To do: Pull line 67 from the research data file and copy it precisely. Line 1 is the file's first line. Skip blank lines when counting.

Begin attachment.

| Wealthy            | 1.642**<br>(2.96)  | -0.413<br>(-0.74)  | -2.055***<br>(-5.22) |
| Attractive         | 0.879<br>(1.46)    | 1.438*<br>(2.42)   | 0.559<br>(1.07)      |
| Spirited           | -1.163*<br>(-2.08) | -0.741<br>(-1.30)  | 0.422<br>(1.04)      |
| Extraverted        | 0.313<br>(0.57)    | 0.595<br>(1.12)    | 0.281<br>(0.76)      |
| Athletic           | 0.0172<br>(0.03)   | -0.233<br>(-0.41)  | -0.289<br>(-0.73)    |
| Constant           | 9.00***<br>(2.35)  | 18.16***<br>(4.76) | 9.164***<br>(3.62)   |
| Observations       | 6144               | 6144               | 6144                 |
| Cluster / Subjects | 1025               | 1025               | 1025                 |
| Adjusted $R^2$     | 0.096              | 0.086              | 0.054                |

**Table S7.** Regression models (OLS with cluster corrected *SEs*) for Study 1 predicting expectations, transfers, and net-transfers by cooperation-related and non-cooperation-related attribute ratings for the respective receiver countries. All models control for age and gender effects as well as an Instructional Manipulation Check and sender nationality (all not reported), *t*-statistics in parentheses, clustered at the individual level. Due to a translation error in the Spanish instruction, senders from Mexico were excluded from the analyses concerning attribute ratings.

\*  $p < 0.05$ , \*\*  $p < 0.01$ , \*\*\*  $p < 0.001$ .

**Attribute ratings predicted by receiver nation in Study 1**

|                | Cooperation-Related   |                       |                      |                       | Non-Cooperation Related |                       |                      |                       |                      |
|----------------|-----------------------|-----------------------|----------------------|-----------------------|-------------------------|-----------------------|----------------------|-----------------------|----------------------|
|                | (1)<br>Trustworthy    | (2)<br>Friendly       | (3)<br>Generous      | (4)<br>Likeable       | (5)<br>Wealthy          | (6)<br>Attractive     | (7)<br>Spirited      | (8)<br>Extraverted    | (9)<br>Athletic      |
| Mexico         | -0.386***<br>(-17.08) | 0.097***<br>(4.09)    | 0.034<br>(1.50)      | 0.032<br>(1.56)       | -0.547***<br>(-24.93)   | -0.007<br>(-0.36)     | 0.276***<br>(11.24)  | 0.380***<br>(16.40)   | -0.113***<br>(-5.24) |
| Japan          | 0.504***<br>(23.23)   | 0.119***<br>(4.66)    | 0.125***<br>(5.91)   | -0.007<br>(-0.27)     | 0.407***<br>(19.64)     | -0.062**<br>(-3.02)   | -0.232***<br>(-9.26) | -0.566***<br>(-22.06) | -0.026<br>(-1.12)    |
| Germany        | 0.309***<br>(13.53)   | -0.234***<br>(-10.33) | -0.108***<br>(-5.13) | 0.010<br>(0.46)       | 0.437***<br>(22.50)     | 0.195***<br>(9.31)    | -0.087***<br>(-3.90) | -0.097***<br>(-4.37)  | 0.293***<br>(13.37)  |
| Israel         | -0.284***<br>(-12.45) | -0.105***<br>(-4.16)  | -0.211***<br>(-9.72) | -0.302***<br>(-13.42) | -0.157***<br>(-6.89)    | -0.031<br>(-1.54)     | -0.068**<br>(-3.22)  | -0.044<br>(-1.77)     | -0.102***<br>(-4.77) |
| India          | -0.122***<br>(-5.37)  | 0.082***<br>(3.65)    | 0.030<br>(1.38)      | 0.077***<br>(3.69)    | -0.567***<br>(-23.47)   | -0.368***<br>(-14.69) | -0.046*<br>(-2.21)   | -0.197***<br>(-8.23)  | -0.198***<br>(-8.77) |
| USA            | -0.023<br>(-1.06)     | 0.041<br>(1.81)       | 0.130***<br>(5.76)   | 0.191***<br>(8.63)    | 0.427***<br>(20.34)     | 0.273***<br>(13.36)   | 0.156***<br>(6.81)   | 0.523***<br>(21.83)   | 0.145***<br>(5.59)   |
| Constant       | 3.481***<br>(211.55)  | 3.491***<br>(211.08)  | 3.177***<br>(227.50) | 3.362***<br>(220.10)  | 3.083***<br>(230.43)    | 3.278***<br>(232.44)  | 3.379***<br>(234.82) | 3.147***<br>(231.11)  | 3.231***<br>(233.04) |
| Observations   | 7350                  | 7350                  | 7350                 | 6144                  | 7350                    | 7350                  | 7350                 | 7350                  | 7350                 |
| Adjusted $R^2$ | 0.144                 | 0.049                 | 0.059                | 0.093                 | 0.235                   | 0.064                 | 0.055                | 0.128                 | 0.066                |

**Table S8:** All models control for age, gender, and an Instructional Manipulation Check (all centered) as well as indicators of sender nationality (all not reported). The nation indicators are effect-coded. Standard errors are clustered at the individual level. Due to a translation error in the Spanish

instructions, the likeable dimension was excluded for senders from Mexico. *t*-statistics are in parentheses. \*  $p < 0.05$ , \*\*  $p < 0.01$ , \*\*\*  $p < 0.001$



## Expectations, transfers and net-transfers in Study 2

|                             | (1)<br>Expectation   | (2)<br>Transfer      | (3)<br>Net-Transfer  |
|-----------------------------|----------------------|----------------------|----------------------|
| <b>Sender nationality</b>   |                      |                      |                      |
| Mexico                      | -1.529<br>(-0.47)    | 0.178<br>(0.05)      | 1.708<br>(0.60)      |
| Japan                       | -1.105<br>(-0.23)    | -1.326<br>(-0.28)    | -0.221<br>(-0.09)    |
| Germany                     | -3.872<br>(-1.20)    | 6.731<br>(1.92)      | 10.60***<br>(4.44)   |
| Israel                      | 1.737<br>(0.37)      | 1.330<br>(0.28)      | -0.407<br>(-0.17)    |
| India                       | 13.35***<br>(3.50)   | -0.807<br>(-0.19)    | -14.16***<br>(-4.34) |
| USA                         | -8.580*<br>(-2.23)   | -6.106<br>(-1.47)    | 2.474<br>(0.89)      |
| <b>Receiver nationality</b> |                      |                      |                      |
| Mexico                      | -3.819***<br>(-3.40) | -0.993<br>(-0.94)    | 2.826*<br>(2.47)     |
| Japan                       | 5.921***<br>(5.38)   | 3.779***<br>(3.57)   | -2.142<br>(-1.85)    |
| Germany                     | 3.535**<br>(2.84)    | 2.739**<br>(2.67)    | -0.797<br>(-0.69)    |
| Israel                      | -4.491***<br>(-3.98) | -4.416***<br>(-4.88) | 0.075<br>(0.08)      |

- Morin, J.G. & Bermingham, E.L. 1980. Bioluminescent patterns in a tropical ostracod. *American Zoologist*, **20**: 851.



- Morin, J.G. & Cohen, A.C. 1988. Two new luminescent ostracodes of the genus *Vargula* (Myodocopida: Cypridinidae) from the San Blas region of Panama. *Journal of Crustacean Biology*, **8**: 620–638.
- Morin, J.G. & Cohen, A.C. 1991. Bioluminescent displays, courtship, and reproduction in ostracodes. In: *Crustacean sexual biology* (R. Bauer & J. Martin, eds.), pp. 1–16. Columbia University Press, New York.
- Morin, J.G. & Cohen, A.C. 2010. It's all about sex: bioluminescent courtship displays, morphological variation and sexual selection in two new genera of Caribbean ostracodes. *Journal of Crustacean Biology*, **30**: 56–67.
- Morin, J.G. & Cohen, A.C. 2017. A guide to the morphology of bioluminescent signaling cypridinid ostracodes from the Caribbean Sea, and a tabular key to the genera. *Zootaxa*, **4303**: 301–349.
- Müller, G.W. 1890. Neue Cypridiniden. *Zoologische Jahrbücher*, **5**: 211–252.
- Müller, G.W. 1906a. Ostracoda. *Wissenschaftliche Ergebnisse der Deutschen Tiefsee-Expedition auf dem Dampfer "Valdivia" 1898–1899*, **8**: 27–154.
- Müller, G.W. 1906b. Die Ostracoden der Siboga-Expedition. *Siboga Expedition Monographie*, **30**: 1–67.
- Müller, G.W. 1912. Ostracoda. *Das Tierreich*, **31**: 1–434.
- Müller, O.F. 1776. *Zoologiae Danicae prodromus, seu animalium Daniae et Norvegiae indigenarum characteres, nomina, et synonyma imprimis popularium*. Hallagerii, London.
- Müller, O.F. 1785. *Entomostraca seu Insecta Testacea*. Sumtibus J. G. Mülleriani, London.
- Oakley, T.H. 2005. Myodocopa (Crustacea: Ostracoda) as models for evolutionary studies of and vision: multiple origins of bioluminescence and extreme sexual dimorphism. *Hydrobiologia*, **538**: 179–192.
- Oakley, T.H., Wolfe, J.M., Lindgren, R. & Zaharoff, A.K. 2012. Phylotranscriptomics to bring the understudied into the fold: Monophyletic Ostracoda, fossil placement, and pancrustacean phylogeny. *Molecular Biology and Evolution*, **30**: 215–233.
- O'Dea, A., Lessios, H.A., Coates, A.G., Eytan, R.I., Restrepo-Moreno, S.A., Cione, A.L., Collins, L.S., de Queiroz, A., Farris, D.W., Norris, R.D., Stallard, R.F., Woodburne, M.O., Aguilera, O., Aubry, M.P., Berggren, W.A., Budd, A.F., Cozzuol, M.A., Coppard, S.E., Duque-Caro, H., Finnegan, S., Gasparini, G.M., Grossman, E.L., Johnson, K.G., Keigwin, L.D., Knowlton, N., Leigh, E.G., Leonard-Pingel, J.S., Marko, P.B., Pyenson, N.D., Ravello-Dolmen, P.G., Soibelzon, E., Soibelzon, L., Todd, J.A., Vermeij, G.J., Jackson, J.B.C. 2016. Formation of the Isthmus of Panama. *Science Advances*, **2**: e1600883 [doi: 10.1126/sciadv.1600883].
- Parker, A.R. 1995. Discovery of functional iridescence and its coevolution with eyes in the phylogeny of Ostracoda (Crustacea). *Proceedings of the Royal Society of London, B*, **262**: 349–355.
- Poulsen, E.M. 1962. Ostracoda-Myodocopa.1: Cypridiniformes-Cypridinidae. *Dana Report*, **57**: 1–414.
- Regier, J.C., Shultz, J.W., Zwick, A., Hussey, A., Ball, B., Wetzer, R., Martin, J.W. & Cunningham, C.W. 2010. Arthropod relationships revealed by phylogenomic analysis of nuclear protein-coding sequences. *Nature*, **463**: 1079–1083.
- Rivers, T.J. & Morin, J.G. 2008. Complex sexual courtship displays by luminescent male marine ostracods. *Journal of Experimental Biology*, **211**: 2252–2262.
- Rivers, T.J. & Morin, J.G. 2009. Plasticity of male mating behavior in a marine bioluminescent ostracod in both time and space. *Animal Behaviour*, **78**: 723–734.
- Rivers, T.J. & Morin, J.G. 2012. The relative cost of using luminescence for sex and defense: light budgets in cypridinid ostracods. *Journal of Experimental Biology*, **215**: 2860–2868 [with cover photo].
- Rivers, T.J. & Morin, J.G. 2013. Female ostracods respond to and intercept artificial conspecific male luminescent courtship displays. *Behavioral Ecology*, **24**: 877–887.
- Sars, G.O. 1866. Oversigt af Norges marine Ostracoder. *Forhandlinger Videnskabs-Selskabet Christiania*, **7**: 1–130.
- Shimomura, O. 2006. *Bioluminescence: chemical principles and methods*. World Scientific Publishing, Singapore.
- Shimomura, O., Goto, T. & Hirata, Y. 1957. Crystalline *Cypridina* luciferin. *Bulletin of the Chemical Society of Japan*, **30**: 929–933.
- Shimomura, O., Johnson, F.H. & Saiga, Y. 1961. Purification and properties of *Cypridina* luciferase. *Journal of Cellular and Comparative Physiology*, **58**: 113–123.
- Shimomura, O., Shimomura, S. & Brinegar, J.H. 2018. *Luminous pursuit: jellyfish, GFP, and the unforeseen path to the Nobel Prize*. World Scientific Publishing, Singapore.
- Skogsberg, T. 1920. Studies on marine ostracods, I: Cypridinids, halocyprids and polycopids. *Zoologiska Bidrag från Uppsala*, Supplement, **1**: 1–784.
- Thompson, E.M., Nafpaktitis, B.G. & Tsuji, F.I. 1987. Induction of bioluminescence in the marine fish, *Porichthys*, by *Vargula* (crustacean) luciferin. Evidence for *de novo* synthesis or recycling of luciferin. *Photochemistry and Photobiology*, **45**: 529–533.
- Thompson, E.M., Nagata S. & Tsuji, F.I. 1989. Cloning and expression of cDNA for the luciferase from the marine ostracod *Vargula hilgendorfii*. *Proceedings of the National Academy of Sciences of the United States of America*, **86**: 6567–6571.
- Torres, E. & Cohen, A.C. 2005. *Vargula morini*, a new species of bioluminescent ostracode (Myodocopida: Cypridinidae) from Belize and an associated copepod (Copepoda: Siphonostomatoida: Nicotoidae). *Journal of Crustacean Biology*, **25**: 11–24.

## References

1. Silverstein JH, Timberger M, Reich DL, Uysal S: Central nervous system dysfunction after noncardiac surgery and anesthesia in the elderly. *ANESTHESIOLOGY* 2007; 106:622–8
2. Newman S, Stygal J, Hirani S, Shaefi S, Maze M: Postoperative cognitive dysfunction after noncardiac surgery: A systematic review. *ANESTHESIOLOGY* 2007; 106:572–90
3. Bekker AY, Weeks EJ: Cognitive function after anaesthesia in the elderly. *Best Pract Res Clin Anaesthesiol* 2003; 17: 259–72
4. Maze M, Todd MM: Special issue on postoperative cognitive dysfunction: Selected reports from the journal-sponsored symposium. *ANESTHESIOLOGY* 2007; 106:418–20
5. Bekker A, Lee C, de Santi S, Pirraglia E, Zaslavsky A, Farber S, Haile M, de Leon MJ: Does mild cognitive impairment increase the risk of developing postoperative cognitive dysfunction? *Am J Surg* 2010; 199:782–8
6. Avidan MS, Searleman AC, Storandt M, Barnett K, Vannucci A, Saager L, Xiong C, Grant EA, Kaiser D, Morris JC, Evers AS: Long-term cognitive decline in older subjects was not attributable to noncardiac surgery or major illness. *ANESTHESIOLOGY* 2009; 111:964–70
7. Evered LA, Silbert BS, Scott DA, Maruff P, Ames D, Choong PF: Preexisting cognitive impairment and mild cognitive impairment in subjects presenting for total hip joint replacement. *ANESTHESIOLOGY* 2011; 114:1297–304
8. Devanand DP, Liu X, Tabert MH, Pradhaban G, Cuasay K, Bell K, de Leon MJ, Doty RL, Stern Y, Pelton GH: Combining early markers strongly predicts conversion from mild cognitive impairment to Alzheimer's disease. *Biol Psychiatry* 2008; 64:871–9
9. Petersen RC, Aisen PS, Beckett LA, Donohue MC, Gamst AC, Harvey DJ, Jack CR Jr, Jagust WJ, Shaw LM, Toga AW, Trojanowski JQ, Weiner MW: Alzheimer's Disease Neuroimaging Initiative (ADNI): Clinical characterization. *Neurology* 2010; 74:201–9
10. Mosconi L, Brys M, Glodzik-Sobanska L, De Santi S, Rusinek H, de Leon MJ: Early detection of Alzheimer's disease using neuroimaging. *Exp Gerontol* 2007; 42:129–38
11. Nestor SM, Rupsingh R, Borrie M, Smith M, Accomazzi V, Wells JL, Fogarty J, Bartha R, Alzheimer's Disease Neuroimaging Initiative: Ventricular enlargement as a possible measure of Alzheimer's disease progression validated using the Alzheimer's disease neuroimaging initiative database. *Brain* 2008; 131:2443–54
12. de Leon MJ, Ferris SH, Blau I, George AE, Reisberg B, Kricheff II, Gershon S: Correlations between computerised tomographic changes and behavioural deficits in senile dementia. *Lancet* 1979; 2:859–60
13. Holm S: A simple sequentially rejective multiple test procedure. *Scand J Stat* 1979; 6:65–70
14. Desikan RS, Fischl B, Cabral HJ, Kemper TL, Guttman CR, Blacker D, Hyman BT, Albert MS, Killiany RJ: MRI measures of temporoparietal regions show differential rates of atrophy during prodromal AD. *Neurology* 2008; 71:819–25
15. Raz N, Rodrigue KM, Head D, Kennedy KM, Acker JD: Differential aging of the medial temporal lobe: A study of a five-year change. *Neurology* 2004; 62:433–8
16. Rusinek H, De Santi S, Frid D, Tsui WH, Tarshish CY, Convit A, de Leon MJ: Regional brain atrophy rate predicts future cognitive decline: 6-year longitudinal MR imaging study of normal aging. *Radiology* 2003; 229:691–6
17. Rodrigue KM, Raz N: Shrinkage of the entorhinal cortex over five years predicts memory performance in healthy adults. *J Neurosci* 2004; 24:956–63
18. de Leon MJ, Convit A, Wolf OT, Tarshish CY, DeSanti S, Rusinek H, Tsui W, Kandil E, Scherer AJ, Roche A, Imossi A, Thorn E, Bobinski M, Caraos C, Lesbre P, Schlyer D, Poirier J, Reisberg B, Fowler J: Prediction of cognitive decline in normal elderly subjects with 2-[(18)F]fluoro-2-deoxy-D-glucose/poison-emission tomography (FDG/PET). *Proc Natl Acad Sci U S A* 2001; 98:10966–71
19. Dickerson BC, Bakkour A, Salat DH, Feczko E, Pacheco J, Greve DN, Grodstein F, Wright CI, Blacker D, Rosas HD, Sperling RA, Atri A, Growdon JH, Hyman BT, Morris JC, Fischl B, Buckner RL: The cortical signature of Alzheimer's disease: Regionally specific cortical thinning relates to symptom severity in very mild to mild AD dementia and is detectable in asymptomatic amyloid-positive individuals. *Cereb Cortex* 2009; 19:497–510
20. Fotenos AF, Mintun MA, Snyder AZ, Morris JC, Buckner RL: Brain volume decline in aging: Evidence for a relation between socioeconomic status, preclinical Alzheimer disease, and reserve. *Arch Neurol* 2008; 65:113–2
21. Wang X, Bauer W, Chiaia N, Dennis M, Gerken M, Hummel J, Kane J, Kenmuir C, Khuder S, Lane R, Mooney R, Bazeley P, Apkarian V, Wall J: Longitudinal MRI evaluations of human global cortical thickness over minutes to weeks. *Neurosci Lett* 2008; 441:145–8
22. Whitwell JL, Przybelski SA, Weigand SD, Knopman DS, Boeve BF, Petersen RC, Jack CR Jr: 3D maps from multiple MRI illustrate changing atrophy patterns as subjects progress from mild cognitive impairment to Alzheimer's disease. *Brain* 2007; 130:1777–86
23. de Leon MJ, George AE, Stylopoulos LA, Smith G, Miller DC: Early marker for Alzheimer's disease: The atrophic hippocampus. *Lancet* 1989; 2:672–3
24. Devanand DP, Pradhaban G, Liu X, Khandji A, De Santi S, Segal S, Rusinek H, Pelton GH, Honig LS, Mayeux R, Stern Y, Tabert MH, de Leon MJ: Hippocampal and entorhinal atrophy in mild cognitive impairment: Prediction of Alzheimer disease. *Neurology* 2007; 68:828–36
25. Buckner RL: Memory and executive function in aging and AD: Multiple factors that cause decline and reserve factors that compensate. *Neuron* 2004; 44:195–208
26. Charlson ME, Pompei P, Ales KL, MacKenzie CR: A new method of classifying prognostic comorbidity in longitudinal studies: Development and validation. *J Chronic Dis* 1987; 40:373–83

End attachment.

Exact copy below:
- Shimomura, O., Shimomura, S. & Brinegar, J.H. 2018. *Luminous pursuit: jellyfish, GFP, and the unforeseen path to the Nobel Prize*. World Scientific Publishing, Singapore.